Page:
Because most drugs are excreted through the kidneys, drug tests usually involve taking a urine sample. By measuring the presence of a drug or its metabolites in the urine, it is possible to determine whether a drug was present in a person’s body recently. Drugs can also be excreted through the liver as bile or feces, through sweating, and even through tears, although these routes are less important when it comes to drugs. Drug tests that involve mouth swabs are testing your saliva, which is another excretory route. Another type of drug test that you have probably heard of is the breathalyzer, which measures alcohol levels in the blood just be breathing into it. This is possible because the lungs can expel certain drugs like alcohol or anesthetics from the bloodstream directly.
There is one final route that requires consideration: mother’s milk. Some drugs can be eliminated through mother’s milk, which could have adverse effects on breastfeeding infants. Although cases are rare, special caution is warranted as infants have livers and kidneys that are still developing, making them more susceptible to any toxic effects.
5.5.2 Elimination Kinetics
As a drug is eliminated from the body, the amount of drug remaining decreases over time. If we were to graph how much drug remains in the bloodstream, for most drugs we would get a shape like the graph below:
This curved shape follows first-order kinetics, which means it is eliminated at a rate proportional to the amount of drug. More specifically, first-order kinetics refers to a drug being eliminated in half-lives. A half-life is the amount of time that must pass for the body to eliminate half of the drug. Take methadone, a drug used in therapy for patients with opioid addiction. In a typical patient, the half-life of methadone is approximately 24 hours (Berkowitz, 1976). If we start with 80 mg of methadone in the bloodstream, after 1 day has passed there will be 40 mg remaining. After 2 days, 20 mg; after 3 days, only 10 mg, and so on. Under first-order kinetics, the drug will be eliminated rapidly at the start, but the rate will taper off as the concentration of drug in the blood decreases.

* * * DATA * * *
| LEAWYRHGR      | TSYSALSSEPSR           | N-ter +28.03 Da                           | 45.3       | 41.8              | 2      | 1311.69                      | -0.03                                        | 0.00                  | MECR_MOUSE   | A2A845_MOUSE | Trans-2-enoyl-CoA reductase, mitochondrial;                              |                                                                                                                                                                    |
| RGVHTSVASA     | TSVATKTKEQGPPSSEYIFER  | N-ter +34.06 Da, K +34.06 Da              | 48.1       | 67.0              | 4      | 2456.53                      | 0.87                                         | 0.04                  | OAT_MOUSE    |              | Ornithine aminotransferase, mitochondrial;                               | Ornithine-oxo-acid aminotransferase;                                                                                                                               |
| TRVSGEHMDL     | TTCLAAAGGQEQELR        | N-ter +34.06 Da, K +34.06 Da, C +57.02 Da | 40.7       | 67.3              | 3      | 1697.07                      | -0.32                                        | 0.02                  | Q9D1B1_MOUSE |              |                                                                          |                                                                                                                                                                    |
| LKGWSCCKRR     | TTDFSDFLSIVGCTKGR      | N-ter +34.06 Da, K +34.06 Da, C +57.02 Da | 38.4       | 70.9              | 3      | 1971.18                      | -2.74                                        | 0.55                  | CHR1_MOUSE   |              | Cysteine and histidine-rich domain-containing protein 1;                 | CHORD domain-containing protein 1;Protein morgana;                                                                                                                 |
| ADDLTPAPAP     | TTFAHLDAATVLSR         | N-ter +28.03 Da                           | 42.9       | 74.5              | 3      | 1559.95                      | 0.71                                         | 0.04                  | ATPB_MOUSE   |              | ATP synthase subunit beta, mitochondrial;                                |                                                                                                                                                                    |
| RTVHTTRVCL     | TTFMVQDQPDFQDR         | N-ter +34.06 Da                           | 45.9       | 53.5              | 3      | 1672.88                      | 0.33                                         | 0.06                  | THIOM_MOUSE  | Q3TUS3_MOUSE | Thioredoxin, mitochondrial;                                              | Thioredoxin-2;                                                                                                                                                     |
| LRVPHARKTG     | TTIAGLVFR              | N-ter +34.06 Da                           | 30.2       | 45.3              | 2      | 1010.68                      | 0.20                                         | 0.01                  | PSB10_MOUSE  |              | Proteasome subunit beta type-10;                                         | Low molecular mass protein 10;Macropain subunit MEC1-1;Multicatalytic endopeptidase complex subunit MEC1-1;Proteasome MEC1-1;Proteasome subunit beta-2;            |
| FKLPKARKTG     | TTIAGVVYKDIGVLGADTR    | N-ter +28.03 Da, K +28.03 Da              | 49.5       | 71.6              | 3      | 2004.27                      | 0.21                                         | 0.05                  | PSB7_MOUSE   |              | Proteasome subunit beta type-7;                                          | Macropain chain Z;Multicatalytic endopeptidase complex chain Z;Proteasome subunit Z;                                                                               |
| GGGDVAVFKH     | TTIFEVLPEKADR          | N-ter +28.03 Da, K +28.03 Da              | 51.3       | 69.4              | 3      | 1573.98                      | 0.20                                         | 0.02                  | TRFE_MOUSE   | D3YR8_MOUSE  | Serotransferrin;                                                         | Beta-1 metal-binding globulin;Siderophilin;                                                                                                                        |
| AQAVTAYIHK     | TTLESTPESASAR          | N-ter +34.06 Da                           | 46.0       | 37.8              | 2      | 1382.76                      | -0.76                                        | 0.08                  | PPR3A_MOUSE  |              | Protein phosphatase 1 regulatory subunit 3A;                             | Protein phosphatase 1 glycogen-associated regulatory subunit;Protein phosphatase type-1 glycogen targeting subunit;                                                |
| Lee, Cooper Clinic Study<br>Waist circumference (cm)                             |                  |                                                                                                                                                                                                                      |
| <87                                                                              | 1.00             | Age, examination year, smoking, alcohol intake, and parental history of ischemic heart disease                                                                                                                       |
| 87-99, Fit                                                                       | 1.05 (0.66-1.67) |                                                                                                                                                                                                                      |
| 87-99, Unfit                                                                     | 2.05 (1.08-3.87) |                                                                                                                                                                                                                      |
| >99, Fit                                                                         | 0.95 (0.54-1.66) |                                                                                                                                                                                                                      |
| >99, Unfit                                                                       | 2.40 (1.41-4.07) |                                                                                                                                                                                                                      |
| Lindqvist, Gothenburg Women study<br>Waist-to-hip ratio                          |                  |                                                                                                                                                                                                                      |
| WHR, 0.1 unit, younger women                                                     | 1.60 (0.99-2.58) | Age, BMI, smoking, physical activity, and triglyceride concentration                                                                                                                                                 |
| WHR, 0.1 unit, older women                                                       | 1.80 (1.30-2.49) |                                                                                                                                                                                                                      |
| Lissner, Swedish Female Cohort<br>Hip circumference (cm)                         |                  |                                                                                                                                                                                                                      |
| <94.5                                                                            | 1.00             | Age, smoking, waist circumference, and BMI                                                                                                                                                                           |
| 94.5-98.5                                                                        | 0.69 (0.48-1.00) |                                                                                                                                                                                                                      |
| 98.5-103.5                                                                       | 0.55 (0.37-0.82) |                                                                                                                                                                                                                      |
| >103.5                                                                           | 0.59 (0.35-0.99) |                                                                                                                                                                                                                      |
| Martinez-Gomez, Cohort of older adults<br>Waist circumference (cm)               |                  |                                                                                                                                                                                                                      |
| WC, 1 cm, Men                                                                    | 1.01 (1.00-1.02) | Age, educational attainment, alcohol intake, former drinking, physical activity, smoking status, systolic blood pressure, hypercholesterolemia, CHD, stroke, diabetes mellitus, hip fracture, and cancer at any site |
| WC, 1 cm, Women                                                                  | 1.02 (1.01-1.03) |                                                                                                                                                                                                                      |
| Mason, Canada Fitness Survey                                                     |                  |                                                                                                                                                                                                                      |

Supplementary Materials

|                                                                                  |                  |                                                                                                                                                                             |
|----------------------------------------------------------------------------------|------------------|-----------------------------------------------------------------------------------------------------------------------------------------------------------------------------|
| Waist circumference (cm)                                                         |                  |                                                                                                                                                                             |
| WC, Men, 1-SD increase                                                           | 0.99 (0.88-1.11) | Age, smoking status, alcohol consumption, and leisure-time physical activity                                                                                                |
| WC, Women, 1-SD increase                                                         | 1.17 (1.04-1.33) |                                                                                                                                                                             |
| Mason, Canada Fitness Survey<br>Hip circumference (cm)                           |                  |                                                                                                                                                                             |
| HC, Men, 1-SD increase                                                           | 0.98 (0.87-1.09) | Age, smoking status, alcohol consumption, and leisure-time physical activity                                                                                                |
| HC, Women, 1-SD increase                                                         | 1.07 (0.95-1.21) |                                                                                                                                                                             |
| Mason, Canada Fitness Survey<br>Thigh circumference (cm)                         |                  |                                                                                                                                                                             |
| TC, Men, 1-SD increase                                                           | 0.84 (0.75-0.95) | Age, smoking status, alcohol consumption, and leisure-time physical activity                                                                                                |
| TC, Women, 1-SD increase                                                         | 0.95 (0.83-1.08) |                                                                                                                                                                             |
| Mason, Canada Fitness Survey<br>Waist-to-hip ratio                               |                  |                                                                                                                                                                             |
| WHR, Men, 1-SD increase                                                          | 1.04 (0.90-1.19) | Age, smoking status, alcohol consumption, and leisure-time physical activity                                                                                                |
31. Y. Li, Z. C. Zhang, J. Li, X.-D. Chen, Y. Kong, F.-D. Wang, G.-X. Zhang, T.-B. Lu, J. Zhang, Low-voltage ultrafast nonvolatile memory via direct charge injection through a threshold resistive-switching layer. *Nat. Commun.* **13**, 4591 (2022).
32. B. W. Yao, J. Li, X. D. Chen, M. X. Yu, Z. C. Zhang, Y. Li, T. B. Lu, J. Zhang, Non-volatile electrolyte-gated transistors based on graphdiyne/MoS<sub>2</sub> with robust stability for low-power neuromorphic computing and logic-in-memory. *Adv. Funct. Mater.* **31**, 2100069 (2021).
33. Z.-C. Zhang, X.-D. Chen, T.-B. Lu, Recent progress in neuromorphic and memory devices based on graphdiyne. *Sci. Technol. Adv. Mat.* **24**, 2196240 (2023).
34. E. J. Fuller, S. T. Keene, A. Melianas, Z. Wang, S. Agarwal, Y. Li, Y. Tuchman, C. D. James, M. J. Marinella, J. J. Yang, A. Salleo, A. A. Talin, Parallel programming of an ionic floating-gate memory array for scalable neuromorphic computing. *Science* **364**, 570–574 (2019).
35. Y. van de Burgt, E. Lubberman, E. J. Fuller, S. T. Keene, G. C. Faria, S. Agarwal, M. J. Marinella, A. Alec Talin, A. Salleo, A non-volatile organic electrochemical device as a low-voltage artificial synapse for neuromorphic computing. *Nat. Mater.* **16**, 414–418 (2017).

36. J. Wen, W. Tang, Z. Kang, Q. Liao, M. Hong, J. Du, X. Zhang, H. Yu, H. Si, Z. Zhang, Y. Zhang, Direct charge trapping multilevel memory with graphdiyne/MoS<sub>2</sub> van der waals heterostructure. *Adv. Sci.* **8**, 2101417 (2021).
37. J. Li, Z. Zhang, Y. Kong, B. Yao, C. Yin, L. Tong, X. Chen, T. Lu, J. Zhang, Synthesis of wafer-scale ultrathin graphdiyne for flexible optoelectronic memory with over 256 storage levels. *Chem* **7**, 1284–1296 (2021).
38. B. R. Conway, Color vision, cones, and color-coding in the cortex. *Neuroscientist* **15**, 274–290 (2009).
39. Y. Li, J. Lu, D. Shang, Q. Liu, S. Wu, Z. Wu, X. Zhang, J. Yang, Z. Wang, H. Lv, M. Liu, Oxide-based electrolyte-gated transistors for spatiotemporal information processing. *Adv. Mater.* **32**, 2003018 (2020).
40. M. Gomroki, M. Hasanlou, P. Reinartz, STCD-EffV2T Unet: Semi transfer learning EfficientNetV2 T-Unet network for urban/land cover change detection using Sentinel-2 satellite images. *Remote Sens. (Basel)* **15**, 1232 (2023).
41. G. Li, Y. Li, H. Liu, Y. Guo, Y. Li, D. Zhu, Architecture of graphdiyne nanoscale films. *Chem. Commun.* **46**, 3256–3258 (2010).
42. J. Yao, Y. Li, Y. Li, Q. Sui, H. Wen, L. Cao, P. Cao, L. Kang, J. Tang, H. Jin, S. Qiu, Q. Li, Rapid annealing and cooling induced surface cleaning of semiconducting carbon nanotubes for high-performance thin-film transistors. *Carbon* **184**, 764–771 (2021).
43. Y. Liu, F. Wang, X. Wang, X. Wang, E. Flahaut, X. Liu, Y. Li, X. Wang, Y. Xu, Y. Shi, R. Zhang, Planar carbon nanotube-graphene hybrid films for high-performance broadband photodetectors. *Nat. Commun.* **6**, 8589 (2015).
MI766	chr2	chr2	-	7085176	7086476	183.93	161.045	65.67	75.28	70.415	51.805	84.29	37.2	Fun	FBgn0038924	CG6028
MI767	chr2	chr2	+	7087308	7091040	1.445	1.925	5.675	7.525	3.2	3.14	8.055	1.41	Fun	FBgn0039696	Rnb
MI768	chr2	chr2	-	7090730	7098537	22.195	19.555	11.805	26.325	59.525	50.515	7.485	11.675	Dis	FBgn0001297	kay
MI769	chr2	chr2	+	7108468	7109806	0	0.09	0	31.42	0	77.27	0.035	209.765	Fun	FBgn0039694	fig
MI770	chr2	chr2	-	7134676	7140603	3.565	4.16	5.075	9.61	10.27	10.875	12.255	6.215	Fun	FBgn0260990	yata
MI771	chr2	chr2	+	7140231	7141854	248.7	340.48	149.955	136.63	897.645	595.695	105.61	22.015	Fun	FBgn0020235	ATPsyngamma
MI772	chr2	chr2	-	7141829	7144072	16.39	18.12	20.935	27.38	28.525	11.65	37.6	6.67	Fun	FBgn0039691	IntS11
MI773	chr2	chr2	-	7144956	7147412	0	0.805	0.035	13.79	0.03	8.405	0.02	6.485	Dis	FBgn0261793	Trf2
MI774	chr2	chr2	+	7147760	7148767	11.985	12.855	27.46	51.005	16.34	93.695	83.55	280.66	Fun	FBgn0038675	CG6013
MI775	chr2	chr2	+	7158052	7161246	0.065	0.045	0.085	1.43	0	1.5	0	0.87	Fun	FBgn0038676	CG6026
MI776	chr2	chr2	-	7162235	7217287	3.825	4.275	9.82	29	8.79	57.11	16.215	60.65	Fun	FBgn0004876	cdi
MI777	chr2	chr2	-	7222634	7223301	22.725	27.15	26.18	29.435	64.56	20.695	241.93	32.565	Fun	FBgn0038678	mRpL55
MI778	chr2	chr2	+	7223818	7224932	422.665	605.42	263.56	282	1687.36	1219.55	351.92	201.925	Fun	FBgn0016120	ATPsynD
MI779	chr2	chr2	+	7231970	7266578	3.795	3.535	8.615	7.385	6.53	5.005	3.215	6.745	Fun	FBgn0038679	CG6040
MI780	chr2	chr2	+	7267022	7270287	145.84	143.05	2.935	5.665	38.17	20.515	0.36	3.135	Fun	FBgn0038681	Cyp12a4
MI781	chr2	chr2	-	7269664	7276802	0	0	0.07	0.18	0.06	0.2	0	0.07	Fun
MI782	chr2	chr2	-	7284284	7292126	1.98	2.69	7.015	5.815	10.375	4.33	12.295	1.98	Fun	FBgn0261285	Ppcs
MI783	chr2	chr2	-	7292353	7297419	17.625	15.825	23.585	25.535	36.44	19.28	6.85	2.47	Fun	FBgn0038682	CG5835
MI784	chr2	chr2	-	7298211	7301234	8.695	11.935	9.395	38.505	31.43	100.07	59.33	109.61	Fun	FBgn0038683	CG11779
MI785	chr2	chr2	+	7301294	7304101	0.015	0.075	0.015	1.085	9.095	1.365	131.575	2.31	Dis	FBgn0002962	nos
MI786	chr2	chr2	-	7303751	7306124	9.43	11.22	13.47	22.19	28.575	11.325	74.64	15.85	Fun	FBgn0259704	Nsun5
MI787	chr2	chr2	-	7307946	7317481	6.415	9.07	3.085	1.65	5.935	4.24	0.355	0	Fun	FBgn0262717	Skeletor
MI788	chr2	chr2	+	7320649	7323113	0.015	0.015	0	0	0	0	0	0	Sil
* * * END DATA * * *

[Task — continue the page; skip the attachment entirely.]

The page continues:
Not all drugs follow this pattern, however. Some drugs such as alcohol are eliminated at a constant rate—the amount of drug eliminated is always the same no matter how much of the drug there is. This is known as zero-order kinetics; if we were to plot the concentration of a drug being eliminated under zero-order kinetics, it would look like the graph below:
Because the drug is eliminated at a constant rate, the slope of the graph is flat instead of curved. A few drugs such as aspirin follow first-order kinetics for the most part, but once a high enough concentration of the drug is reached, the enzymes that metabolize them become saturated. When the enzymes become saturated, increased metabolism of the drug is impossible, and the elimination rate follows zero-order kinetics instead. This is rare to see in practice, however, because such levels of concentration are well above therapeutic levels.
Chapter Summary and Review
In this chapter, we explored the first branch of pharmacology, pharmacokinetics. After providing an overview of the different branches of pharmaceutical sciences, we took a journey through the four components of pharmacokinetics captured in the mnemonic ADME—absorption, distribution, metabolism, and excretion. We discussed factors that affect absorption, compared different routes of administration, learned about plasma proteins and the blood-brain barrier, examined metabolic processes, enzymes, and prodrugs, and covered the pathways and rates at which drugs can be excreted from the body. This was a dense chapter, so make sure to give yourself time to digest it, and don’t forget to check your understanding with the practice questions below.
- What are the different things that pharmaceutics, pharmacokinetics, and pharmacodynamics study?
- What is the bioavailability of a drug that is administered intravenously?
- Rank these routes of administration from fastest absorption to slowest: intramuscular injection, inhalation, and transdermal.
- Which drug is more sensitive to competition for plasma protein binding sites: one with a high rate of binding, or one with a low rate?
- Describe what the blood-brain barrier is made up of. How is this different from a typical blood vessel?
- Which routes of administration are subject to the first-pass effect?
- Does enzyme induction increase or decrease the bioavailability of a related drug?
- What is a prodrug, and in what circumstances would it be useful?
- Would a lipid-soluble molecule be able to be excreted by the kidneys? Explain why or why not.
- Berkowitz B. A. (1976). The relationship of pharmacokinetics to pharmacological activity: morphine, methadone and naloxone. Clinical Pharmacokinetics, 1(3), 219–230. https://doi.org/10.2165/00003088-197601030-00004
- Doggrell, S. A. (2014). Metabolism and kinetics [Graph]. Queensland University of Technology. https://sites.google.com/site/pharmacologyinonesemester/2-drug-distribution-metabolism-and-elimination/2-5-blood-levels/2-5-3-first-and-zero-order-kinetics
Pharmacokinetics is currently defined as the study of the time course of drug absorption, distribution, metabo- lism, and excretion. Clinical pharmacokinetics is the application of pharmacokinetic principles to the safe and effective therapeutic management of drugs in an individual patient.What is pharmacokinetic behavior? ›